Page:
Ever heard of Brighton’s Italianate Attree Villa that was designed by the Houses of Parliament architect ? No? Then read on…………………………
Over the years, Brighton and Hove has amassed its fair share of historical buildings and exciting architecture with a view of drawing people to our wonderful city. However, sometimes great treasures are unfortunately lost in the annals of time for one reason or another. One such case in mind is Attree Villa.
Strangely enough, I was actually born in Brighton not too far from where Attree Villa once stood, but until now I hadn’t actually heard of it – shame on me!
The upkeep of grand houses, historical castles and other buildings of that ilk is a very expensive business and this will partly depend on what materials were used in the construction process. I can recall avidly watching all of the BBC’s Restoration series several years ago, whereby the general public would vote to save different types of buildings from the brink right across the country, from municipal baths to theatres and from industrial mills to follies of one sort or another.
More about follies shortly, but alas BBC’s Restoration series had come too late for Brighton’s Attree Villa as it was sadly demolished in 1972. So what went wrong?
King George IV (The Prince Regent) certainly had managed to put Brighton right on the place to be map for high society due to his extravagant lifestyle. In circa 1825, this fact didn’t go unnoticed by one Thomas Attree, who was a property owner and developer and thus he purchased Brighton Park.
Brighton Park is nowadays called Queen’s Park, which can be entered through two fine entrance gates and Attree apparently had a vision to build a series of exquisite properties around the park. In reality only two were ever erected, Attree Villa and Cowell’s Villa.
Attree commissioned the now famous architect, Sir Charles Barry, to create his grand house. Barry (1795-1860) is best known for his role in the rebuilding of the Palace of Westminster aka The Houses of Parliament, Highclere Castle and his contribution to the use of Italianate architecture in Britain, which was modelled on 16th century Italian Renaissance architecture.
The square-shaped Attree Villa was one of the earliest examples of Italianate architecture in the whole of England and it stood within substantial grounds with a gazebo at the northern end of Queen’s Park. On Thomas Attree’s death, the property was sold in 1863 to George Duddell, a man that had made his money in Hong Kong and who produced the Hong Kong Times newspaper.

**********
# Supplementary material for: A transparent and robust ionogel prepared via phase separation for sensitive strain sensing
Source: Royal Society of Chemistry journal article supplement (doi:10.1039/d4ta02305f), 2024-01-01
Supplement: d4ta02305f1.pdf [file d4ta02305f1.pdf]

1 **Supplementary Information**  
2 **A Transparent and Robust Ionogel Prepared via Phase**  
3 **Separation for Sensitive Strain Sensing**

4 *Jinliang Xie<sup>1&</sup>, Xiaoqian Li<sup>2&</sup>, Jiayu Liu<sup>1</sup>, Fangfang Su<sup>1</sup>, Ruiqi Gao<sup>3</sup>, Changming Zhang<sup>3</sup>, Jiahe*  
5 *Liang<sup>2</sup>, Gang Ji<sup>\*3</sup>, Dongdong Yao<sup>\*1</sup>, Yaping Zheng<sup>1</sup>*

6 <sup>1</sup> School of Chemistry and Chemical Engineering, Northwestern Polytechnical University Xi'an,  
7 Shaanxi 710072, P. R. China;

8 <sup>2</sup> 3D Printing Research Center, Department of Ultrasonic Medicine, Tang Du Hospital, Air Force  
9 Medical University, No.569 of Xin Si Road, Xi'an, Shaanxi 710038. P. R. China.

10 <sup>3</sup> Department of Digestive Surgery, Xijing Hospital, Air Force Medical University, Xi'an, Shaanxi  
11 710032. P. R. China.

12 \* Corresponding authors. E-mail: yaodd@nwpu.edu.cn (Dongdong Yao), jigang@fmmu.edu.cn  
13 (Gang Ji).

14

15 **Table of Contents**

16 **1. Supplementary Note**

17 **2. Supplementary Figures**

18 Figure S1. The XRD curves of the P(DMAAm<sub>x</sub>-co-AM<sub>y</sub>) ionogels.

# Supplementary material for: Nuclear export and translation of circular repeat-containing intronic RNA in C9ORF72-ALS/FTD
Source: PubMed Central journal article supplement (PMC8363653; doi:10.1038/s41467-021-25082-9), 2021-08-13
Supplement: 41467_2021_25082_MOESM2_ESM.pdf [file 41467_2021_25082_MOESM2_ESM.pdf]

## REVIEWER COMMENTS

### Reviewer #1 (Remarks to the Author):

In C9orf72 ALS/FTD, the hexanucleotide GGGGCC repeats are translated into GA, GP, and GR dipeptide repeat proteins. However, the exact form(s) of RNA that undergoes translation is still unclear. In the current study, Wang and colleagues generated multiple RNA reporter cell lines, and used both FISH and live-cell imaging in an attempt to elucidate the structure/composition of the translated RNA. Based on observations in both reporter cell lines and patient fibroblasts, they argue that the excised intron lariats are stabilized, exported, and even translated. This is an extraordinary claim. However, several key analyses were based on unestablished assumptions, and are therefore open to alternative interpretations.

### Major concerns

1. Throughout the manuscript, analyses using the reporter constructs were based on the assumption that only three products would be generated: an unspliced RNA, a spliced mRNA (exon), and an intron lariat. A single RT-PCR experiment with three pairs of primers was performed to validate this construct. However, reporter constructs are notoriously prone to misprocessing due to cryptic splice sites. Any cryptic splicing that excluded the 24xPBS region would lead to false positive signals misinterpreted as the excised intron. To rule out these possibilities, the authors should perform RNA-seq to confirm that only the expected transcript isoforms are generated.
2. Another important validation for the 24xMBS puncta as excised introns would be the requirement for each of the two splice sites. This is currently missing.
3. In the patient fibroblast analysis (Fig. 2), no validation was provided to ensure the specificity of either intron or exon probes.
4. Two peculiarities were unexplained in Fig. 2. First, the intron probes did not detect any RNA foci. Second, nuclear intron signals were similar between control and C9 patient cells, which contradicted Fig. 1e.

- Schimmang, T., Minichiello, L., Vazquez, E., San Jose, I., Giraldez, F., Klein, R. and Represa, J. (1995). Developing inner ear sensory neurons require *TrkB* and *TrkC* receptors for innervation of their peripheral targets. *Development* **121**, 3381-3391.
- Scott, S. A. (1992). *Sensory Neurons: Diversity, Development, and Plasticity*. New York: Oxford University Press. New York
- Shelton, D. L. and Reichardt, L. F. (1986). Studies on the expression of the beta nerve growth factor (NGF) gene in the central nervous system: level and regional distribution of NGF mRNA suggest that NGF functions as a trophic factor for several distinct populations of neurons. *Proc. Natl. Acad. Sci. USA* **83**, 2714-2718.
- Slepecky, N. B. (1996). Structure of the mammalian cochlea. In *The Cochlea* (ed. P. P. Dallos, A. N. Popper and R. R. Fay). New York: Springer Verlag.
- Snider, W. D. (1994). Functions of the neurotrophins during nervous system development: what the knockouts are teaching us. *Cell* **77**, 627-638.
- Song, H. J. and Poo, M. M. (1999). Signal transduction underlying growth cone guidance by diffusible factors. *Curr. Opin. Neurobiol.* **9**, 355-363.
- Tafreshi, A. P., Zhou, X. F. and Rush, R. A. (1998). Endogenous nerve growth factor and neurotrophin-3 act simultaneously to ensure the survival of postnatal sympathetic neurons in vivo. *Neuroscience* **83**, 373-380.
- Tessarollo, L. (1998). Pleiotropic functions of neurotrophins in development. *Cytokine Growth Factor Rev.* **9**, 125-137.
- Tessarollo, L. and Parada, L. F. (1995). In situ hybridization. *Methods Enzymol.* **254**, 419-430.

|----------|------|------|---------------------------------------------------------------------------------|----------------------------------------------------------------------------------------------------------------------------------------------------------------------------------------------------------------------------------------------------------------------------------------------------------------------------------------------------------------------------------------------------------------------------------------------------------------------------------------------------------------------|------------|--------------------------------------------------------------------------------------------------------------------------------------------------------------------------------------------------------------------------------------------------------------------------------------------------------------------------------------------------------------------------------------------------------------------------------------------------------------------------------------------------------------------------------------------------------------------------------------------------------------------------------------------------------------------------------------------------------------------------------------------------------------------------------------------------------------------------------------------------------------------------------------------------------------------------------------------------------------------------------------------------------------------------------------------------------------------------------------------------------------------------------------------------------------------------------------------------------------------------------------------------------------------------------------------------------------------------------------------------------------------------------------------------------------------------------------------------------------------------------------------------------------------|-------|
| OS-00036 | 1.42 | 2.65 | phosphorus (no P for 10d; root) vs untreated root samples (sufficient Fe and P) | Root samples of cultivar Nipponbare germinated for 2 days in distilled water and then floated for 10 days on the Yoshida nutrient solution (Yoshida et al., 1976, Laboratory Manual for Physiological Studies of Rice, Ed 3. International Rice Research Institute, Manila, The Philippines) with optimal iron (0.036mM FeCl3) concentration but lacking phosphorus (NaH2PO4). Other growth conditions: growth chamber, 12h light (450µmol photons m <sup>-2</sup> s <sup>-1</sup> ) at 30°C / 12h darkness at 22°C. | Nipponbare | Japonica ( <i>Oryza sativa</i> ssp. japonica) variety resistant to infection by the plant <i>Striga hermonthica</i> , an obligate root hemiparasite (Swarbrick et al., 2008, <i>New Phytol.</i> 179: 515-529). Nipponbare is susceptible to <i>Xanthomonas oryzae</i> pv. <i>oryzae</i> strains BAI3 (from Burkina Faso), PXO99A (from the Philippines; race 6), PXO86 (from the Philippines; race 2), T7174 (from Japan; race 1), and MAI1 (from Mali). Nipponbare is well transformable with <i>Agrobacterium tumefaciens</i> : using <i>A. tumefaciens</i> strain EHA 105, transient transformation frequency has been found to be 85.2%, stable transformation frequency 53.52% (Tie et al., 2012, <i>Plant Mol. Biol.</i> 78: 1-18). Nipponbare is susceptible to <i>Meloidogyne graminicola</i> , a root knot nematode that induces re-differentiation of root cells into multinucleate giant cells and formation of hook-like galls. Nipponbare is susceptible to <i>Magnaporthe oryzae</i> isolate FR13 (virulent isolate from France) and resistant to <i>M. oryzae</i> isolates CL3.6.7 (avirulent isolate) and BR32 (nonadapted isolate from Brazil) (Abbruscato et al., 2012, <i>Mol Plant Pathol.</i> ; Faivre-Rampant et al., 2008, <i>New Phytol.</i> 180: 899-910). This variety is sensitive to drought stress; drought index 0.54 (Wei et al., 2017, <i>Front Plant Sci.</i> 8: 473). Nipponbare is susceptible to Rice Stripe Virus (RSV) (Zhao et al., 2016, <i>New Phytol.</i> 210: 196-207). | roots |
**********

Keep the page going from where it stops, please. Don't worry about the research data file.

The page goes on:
Duddell settled in nicely and continued his interest by publishing the Brighton Mail. The fascinating thing is that this newspaper was produced on a small printing works called Tower Press as it was actually inside the beloved Pepper Pot folly near Attree Drive.
The Grade II listed Pepper Pot was designed and built by Barry in 1830 and also stood within the grounds of Attree Villa. So if you visit the Pepper Pot today you will be within the western part of the grounds where the villa once stood.
The original use of the Pepper Pot is unknown, but it was quite often the usual practice for a country gentleman to have a folly erected for his viewing pleasure. Some suggest it could have been used as a water tower as it stood above a well and housed a steam engine, others think it was an observatory, whereas a vent for the Victorian sewers beneath Brighton has also been put forward.
Duddell passed away in 1888 and alas the villa remained empty for 21 years until 1909, when ownership of the estate, which included the villa, tower and gazebo, transferred to a college for Catholic boys called Xaverian College. The college ran for 57 years but closed its doors in 1966 – a great year in footballing terms. It was then that this wonderful villa became vandalised and dry rot with wet rot fungus set in. The Department of the Environment stated that the restoration of this outstanding Grade II listed building would cost up to £150,000, which was quite a sum in those days and thus it was sadly demolished by the council in 1972.
All that now remains is the gazebo which now stands forlornly in Carn Court and magnificent Pepper Pot, which has been an observation post in WW2, the headquarters of a Scout troop, a public toilet and what I think it should once more become – an artists studio.
The Friends of the Pepperpot Group volunteers were formed in 2010 because they believe the building has great value as a heritage asset and as a local landmark. They work with Brighton Council and others to try and reverse the decline of this unique historical building. I would truly love to be allowed a visit inside this building as part of the Heritage Open Days from 7th – 10th September 2017 – hint hint!
For information click here: